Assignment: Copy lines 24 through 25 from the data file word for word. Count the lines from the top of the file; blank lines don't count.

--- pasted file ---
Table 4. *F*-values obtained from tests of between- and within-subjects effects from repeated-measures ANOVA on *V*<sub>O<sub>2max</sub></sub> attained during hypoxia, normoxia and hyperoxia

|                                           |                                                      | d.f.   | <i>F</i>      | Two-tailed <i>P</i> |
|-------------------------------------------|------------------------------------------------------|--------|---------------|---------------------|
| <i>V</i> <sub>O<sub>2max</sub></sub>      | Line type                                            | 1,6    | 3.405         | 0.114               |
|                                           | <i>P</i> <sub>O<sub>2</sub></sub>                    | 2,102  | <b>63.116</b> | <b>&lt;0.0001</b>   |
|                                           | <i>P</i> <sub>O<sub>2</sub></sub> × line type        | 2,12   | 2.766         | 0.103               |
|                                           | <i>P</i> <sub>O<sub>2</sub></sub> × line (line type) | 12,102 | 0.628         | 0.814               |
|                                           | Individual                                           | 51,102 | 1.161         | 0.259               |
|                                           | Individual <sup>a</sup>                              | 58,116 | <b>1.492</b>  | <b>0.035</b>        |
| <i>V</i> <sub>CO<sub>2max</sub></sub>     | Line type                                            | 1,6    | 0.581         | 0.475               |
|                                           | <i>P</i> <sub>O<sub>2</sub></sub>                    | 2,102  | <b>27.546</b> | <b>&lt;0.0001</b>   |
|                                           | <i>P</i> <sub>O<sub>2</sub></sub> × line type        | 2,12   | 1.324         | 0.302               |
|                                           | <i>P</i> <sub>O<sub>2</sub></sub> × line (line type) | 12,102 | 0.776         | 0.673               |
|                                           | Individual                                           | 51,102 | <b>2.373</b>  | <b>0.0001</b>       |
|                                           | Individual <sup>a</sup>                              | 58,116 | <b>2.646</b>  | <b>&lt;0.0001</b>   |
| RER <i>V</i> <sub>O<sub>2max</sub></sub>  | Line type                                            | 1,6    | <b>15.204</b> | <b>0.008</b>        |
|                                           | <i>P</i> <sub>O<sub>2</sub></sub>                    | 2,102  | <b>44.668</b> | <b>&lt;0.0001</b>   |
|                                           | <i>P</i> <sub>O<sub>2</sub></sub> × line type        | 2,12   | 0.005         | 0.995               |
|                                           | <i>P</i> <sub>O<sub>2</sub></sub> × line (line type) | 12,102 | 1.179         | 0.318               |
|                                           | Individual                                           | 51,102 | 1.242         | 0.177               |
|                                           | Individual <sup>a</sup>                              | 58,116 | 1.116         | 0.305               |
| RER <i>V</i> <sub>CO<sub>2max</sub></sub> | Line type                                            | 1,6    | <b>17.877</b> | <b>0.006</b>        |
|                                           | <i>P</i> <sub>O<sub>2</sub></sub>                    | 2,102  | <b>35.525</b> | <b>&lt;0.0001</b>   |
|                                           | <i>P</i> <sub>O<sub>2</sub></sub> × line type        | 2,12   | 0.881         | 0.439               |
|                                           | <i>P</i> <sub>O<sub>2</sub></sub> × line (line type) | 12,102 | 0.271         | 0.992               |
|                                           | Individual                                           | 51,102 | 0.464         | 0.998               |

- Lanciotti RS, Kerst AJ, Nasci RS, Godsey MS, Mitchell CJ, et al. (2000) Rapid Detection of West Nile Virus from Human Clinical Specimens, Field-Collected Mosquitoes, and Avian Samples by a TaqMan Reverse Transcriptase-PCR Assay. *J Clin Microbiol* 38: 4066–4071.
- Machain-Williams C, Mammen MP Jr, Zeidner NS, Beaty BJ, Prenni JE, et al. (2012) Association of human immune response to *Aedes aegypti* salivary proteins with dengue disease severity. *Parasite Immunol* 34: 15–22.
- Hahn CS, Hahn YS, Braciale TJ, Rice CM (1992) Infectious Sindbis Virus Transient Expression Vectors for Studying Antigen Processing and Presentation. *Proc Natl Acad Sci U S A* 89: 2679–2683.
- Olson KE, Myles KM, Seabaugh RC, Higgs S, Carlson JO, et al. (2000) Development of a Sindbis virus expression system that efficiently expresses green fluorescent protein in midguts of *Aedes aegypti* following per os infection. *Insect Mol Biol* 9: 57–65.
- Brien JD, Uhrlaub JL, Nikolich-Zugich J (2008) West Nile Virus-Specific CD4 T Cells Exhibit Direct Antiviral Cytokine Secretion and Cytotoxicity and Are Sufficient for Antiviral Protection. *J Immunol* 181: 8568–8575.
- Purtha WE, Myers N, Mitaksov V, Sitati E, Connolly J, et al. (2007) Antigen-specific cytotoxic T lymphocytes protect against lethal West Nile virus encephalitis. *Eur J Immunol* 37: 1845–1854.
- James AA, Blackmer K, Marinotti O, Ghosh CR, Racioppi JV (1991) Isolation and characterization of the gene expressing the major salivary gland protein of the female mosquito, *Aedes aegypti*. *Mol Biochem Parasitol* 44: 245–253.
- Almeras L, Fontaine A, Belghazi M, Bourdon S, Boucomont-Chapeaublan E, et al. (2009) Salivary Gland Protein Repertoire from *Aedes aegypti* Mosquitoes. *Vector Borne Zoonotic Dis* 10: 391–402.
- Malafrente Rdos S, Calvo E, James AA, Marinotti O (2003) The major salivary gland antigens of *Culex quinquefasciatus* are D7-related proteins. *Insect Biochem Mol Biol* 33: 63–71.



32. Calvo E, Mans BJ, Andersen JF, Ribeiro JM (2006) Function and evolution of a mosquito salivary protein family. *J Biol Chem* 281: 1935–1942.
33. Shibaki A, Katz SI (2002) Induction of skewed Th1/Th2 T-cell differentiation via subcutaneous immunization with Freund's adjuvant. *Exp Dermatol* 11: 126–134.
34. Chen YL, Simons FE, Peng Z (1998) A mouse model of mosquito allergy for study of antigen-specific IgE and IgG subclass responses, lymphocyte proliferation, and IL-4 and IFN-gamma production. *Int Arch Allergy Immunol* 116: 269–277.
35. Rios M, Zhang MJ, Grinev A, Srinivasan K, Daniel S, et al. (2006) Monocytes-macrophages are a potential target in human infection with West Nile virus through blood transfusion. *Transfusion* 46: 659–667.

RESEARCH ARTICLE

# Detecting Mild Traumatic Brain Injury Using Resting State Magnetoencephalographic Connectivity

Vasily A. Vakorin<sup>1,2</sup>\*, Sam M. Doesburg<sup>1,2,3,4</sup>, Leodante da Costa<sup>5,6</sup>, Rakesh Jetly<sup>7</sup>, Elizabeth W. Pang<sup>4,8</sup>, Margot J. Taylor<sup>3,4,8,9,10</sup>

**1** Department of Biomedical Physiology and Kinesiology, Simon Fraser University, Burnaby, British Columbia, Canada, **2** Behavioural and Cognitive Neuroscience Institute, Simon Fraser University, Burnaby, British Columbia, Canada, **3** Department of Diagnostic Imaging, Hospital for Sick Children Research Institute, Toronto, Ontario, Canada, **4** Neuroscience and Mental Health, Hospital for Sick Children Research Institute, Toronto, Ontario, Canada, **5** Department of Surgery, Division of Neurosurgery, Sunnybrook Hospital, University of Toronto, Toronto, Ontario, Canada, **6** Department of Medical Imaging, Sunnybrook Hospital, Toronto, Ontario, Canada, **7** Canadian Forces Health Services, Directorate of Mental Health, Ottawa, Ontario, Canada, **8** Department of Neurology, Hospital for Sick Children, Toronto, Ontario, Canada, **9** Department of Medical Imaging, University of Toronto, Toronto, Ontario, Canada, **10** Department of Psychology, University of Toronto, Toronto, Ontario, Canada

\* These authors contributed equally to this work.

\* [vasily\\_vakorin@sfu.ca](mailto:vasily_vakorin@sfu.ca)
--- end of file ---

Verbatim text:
|                                           | <i>P</i> <sub>O<sub>2</sub></sub> × line type        | 2,12   | 0.881         | 0.439               |
|                                           | <i>P</i> <sub>O<sub>2</sub></sub> × line (line type) | 12,102 | 0.271         | 0.992               |